Monday, January 23, 2017

January Meeting Location Change

Date: Sunday, January 29, 2017 Members’ Night.
Place: Ceviche Peruvian Seafood & Steakhouse
2554 W Diversey Ave, Chicago, IL 60647
Time: 3:00 p.m. Social Hour: Refreshments and Fellowship .
3:15 p.m. Members Presentations and Election of Board and Officers.
Program: 3:30 Dr. Tasha K. Vorderstrasse, University of Chicago: Excavations at Abroyi, Armenia.

Exploring Armenia’s Hidden Past

Armenia is a small and mountainous country of peaks and high plateaus cut by river valleys. It was the first to embrace Christianity as a state religion.

Powerful old stone churches are silhouetted on the hilltops and tucked into the valleys at-testing to Armenian fortitude. Tragedy and triumph have become dual themes that are indelibly woven into the fabric of its history.
In 2013 and 2014, the Oriental Institute of the University of Chicago conducted excavations at the medieval village of Ambroyi in the Republic of Armenia. This excavation represent-ed an innovation in the study of medieval archaeology of Ar-menia, which had primarily focused on large urban centers.

The excavations revealed that village life continued in Armenia despite the Mongol conquest of the region in the 13th century and provides valuable information about vil-lage life that can be compared to villages that have been excavated in the wider region. This talk will discuss the vil-lage of Ambroyi and its significance to our understanding of Armenian archaeology of the medieval period.

Dr. Tasha K. Vorderstrasse received her PhD in Near Eastern Archaeology from the University of Chicago 2004. Her work concentrates on the material culture of the Near East, the Caucasus, and Central Asia and the interactions between these regions and China.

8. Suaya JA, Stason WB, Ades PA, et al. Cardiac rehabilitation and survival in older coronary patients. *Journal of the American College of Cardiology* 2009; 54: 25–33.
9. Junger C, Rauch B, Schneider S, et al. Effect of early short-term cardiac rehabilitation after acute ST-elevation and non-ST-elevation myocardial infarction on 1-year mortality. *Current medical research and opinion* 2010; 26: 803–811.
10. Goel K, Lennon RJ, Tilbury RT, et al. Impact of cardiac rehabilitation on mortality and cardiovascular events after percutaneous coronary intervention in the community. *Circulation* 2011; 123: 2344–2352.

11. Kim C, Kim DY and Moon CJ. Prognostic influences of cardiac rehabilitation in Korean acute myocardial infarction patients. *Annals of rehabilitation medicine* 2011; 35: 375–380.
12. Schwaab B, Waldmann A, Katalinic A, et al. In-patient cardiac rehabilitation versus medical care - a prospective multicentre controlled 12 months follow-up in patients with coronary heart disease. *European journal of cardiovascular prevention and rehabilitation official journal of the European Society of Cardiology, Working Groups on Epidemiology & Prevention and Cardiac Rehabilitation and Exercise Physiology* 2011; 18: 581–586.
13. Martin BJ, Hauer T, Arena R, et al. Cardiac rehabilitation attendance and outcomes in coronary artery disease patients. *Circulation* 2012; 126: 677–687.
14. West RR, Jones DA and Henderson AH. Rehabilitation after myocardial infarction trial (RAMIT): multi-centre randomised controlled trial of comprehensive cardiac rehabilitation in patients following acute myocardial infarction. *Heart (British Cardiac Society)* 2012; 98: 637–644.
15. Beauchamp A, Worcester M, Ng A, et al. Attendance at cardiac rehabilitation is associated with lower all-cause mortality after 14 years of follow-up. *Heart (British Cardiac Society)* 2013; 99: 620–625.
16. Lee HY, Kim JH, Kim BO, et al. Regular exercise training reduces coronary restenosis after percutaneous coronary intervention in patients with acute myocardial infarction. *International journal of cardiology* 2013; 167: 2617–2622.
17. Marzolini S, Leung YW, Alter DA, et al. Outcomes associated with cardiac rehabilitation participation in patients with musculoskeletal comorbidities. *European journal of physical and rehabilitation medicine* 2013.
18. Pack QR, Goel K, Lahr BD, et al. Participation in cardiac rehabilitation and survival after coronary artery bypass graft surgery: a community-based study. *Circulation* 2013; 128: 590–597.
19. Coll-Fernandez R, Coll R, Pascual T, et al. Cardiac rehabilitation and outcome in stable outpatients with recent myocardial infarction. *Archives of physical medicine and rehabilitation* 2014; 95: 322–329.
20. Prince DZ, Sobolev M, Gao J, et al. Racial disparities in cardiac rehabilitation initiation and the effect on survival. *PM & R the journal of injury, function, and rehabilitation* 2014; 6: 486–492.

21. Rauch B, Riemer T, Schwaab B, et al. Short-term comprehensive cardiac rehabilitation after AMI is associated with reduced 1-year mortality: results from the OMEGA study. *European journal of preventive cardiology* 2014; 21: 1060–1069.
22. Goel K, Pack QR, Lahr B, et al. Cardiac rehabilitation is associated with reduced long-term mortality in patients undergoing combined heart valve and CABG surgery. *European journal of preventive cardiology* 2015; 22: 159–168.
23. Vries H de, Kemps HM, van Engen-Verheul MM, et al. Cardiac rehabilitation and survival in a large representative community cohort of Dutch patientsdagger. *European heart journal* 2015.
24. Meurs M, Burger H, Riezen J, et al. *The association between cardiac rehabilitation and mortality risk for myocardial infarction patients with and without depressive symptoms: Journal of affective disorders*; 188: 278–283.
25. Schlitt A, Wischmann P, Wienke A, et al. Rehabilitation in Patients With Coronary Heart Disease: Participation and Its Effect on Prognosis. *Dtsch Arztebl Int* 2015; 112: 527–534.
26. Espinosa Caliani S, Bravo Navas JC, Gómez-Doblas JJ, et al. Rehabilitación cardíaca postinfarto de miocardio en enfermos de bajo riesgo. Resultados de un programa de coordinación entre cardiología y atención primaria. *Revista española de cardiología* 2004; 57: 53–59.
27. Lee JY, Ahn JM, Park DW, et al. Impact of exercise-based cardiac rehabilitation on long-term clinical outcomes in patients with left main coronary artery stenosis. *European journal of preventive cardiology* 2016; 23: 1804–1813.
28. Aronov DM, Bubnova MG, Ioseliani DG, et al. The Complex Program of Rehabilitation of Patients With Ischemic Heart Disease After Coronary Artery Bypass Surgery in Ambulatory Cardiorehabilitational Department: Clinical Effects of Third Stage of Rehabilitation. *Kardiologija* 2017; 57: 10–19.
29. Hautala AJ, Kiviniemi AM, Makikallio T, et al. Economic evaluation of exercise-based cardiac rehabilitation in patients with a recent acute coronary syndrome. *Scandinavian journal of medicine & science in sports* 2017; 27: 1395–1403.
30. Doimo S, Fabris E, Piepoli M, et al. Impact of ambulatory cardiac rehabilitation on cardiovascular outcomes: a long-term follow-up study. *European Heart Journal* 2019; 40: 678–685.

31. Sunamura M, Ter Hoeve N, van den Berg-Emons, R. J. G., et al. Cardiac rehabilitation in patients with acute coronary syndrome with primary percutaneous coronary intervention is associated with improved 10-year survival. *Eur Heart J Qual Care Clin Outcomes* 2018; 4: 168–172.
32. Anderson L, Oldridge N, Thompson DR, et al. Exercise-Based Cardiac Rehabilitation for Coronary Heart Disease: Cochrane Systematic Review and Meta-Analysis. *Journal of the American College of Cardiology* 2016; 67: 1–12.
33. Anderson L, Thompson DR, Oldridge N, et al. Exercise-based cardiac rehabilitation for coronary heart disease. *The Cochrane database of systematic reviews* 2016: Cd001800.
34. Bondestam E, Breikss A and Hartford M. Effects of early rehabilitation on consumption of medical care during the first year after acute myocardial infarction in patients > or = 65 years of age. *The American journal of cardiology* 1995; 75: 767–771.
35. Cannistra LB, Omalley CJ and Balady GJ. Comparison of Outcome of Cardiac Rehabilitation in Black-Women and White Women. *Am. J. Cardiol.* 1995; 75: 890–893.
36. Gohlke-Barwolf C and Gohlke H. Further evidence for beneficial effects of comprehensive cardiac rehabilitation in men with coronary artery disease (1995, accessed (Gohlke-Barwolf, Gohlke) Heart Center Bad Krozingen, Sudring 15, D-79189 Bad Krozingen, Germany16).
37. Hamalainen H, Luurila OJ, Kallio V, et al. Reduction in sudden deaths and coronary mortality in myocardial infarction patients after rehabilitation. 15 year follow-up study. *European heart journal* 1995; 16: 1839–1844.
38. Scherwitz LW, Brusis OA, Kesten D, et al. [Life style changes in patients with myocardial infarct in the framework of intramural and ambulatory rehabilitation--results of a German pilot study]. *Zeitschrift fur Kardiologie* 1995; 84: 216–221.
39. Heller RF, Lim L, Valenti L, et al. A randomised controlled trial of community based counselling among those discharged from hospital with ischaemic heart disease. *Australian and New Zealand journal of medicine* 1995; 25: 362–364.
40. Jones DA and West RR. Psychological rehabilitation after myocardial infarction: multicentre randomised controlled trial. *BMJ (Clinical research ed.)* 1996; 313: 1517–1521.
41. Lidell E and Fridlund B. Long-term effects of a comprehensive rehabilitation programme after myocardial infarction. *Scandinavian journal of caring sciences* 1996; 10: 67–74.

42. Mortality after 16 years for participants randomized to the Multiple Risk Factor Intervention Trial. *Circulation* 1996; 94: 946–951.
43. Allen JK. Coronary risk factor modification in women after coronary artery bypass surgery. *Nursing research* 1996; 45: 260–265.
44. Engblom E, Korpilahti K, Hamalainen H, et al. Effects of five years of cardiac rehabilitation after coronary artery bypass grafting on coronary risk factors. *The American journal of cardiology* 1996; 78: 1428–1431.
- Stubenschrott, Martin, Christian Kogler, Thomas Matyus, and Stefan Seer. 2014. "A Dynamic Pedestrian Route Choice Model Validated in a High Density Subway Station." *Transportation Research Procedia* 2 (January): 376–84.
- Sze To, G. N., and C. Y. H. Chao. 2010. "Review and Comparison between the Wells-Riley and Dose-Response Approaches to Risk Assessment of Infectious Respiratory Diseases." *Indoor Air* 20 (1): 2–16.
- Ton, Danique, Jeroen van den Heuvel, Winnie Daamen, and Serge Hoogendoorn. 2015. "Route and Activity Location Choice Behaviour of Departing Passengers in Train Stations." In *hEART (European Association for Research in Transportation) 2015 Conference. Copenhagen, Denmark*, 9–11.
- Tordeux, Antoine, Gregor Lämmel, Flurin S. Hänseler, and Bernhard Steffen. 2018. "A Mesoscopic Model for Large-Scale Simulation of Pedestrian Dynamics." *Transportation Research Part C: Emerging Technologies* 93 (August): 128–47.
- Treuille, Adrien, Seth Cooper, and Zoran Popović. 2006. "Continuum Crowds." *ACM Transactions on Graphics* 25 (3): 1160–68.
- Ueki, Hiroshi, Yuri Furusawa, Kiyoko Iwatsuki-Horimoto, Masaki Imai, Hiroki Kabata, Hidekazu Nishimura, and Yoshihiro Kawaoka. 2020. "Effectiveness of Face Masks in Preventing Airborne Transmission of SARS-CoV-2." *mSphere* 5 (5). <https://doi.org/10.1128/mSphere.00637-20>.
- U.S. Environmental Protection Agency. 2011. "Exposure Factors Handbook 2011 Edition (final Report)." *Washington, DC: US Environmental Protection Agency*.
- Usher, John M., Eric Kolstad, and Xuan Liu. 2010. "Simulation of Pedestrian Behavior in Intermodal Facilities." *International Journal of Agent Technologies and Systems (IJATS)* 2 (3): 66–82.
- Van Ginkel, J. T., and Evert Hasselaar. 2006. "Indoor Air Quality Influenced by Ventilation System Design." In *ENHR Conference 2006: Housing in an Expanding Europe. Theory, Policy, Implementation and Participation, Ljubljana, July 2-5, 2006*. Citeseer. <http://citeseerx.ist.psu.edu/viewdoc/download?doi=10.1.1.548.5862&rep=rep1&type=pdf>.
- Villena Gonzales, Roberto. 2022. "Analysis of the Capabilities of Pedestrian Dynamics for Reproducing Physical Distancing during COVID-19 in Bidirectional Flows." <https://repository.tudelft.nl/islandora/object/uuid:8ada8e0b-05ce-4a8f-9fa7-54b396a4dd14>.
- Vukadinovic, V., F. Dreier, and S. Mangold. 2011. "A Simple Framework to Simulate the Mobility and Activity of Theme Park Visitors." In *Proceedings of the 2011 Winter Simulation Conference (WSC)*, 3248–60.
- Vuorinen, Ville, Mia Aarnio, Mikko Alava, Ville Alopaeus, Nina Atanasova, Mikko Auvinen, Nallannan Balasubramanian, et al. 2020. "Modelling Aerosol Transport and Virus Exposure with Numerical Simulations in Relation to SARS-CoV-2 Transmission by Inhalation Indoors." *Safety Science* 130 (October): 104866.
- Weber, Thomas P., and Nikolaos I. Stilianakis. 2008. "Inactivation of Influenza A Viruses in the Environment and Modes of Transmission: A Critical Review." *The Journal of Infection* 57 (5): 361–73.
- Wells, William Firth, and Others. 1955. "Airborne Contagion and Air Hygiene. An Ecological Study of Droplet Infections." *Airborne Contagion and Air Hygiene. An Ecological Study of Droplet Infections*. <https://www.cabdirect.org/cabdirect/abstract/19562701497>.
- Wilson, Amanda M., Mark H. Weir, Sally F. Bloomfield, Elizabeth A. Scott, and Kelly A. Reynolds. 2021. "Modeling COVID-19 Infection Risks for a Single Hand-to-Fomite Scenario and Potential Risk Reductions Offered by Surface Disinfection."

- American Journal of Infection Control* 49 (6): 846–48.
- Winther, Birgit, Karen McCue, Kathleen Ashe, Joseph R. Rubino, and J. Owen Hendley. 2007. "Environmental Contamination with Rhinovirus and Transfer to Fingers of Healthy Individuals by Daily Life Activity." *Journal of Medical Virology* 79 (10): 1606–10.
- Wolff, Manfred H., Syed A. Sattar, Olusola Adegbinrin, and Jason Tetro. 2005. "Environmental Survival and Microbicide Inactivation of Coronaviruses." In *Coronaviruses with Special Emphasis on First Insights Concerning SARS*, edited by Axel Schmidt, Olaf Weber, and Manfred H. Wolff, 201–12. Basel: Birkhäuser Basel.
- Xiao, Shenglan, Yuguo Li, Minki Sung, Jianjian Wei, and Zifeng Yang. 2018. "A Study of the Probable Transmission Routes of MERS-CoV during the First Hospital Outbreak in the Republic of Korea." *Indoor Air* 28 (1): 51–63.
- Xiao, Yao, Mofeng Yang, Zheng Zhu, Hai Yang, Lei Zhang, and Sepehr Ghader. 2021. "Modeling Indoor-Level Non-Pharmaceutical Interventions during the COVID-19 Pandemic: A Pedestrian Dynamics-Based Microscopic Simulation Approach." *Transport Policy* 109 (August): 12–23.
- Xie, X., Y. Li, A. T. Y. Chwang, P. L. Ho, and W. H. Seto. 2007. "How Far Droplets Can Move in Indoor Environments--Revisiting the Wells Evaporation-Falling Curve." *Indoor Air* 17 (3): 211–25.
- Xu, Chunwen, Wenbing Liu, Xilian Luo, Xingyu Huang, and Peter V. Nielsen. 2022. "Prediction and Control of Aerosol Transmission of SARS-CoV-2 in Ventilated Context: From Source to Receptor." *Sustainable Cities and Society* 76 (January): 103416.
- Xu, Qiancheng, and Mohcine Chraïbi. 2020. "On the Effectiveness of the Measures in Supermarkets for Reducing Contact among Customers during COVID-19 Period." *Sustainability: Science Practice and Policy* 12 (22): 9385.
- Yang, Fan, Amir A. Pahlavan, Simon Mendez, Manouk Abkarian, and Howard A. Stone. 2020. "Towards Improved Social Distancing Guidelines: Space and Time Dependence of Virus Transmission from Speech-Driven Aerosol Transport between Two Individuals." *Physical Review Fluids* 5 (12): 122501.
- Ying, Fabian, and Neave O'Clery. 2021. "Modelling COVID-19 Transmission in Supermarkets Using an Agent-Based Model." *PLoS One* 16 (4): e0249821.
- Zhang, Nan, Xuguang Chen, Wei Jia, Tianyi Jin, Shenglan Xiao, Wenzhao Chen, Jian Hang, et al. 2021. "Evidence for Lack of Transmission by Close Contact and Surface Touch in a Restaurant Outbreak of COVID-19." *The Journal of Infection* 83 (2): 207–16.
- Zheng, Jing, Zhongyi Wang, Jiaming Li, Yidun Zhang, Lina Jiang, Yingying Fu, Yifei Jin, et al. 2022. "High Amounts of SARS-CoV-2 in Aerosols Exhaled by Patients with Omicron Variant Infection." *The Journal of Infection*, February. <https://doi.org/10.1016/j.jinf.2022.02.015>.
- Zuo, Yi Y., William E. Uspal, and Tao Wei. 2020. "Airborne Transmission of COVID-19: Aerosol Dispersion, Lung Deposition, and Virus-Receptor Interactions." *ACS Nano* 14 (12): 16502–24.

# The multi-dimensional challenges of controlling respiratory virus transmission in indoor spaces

Most Americans have check-ered understanding of Armenia or Armenians. The history, at best is inscrutable. Ef-forts to grasp historical meaning of the Transcaucasus al-low for few exceptions. Transcaucasia roughly corresponds to modern Georgia, Armenia, and Azerbaijan.

In 1915, leaders of the Turkish government set in motion a plan to expel and massacre Ar-menians living in the Ottoman Empire. Though reports vary, most sources agree that there were about 2 million Armeni-ans in the Ottoman Empire at the time of the massacre.

By the early 1920s, when the massacres and deportations finally ended, some 1.5 million of Turkey’s Armenians were dead, with many more forcibly removed from the country. To-day, most historians call this event a genocide–a premeditated and systematic campaign to exterminate an entire people.

However, the Turkish government does not acknowledge the enormity or scope of these events. Despite pressure from Armenians and social justice advocates throughout the world, it is still illegal in Turkey to talk about what happened to Armenians during this era.

Members’ Night

The regular January meeting of the CAS traditionally has been designated as Members’ Night. Originally members had an opportunity to share their archaeological/travel experiences with the membership at large. Members’ Night targeted active participation along with the annual election of officers and election of 1/3 of the board of directors.

Gradually, over past years, presentations by members of personal experiences declined in favor of presentations by guest speakers, like Dr. Tasha K. Vorderstrasse, the January 2017 speaker.

Annual Election

Many sister chapters, especially in rural areas, where members have direct contact with local ongoing digs, reflect membership roles that include active lay archaeologists. By contrast CAS mem-bers regard Field and/or Oriental Institute as their closest contact with professional archaeologists. These differences help to explain and to define the cosmopolitan context of the CAS calendar.

The Board of Directors unanimously nominated current officers and board members for reelection at the October Meeting. The 2017 ballot is printed on page 3. However members are reminded and urged to nominate candidates from the floor.

The Palimpsest

Winter Woes
To our chagrin, disappointment and embarrassment December’s severe weather necessitated a sud-den cancellation of the December Holiday Luncheon and regular meeting. An effort was made to contact members, guests, and our speaker and was largely success-ful. A substitute date will be de-termined at our February Board Meeting. Unofficially the inten-tion of the board is to plan a new date. Deposits received will be applied to to the rescheduled event. However requests for re-funds will be honored.